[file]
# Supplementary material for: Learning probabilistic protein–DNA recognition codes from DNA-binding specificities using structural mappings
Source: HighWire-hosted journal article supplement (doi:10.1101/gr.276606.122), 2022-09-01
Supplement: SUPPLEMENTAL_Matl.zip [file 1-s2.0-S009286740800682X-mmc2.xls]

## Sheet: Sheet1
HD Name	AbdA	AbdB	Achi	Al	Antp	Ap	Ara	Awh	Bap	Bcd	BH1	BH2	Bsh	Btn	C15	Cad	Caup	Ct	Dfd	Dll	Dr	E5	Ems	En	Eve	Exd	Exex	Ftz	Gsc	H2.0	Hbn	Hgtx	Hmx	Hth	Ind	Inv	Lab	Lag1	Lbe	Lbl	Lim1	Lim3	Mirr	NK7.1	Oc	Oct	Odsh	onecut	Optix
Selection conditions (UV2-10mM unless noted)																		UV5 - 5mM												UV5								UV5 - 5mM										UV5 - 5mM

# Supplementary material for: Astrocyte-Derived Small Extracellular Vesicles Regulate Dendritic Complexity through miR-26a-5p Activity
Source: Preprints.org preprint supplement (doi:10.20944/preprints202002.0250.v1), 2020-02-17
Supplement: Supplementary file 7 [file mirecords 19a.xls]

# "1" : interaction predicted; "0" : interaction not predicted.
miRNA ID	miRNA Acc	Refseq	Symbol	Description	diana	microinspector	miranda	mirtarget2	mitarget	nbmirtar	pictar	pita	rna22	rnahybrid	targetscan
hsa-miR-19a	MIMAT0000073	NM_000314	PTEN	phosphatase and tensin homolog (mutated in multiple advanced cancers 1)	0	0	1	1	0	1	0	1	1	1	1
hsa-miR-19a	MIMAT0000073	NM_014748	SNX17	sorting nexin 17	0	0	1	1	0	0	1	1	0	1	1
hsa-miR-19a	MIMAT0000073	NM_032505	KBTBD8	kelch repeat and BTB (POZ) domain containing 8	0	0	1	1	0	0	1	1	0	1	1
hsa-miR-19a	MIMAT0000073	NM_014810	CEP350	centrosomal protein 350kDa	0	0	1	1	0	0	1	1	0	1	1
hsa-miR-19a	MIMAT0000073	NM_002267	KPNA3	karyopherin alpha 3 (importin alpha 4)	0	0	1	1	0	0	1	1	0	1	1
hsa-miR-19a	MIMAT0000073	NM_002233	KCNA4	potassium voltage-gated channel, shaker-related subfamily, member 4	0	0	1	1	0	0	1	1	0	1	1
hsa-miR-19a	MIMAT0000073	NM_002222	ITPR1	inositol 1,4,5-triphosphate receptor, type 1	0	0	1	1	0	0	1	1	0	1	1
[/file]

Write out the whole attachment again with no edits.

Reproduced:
# Supplementary material for: Learning probabilistic protein–DNA recognition codes from DNA-binding specificities using structural mappings
Source: HighWire-hosted journal article supplement (doi:10.1101/gr.276606.122), 2022-09-01
Supplement: SUPPLEMENTAL_Matl.zip [file 1-s2.0-S009286740800682X-mmc2.xls]

## Sheet: Sheet1
HD Name	AbdA	AbdB	Achi	Al	Antp	Ap	Ara	Awh	Bap	Bcd	BH1	BH2	Bsh	Btn	C15	Cad	Caup	Ct	Dfd	Dll	Dr	E5	Ems	En	Eve	Exd	Exex	Ftz	Gsc	H2.0	Hbn	Hgtx	Hmx	Hth	Ind	Inv	Lab	Lag1	Lbe	Lbl	Lim1	Lim3	Mirr	NK7.1	Oc	Oct	Odsh	onecut	Optix
Selection conditions (UV2-10mM unless noted)																		UV5 - 5mM												UV5								UV5 - 5mM										UV5 - 5mM

# Supplementary material for: Astrocyte-Derived Small Extracellular Vesicles Regulate Dendritic Complexity through miR-26a-5p Activity
Source: Preprints.org preprint supplement (doi:10.20944/preprints202002.0250.v1), 2020-02-17
Supplement: Supplementary file 7 [file mirecords 19a.xls]

# "1" : interaction predicted; "0" : interaction not predicted.
miRNA ID	miRNA Acc	Refseq	Symbol	Description	diana	microinspector	miranda	mirtarget2	mitarget	nbmirtar	pictar	pita	rna22	rnahybrid	targetscan
hsa-miR-19a	MIMAT0000073	NM_000314	PTEN	phosphatase and tensin homolog (mutated in multiple advanced cancers 1)	0	0	1	1	0	1	0	1	1	1	1
hsa-miR-19a	MIMAT0000073	NM_014748	SNX17	sorting nexin 17	0	0	1	1	0	0	1	1	0	1	1
hsa-miR-19a	MIMAT0000073	NM_032505	KBTBD8	kelch repeat and BTB (POZ) domain containing 8	0	0	1	1	0	0	1	1	0	1	1
hsa-miR-19a	MIMAT0000073	NM_014810	CEP350	centrosomal protein 350kDa	0	0	1	1	0	0	1	1	0	1	1
hsa-miR-19a	MIMAT0000073	NM_002267	KPNA3	karyopherin alpha 3 (importin alpha 4)	0	0	1	1	0	0	1	1	0	1	1
hsa-miR-19a	MIMAT0000073	NM_002233	KCNA4	potassium voltage-gated channel, shaker-related subfamily, member 4	0	0	1	1	0	0	1	1	0	1	1
hsa-miR-19a	MIMAT0000073	NM_002222	ITPR1	inositol 1,4,5-triphosphate receptor, type 1	0	0	1	1	0	0	1	1	0	1	1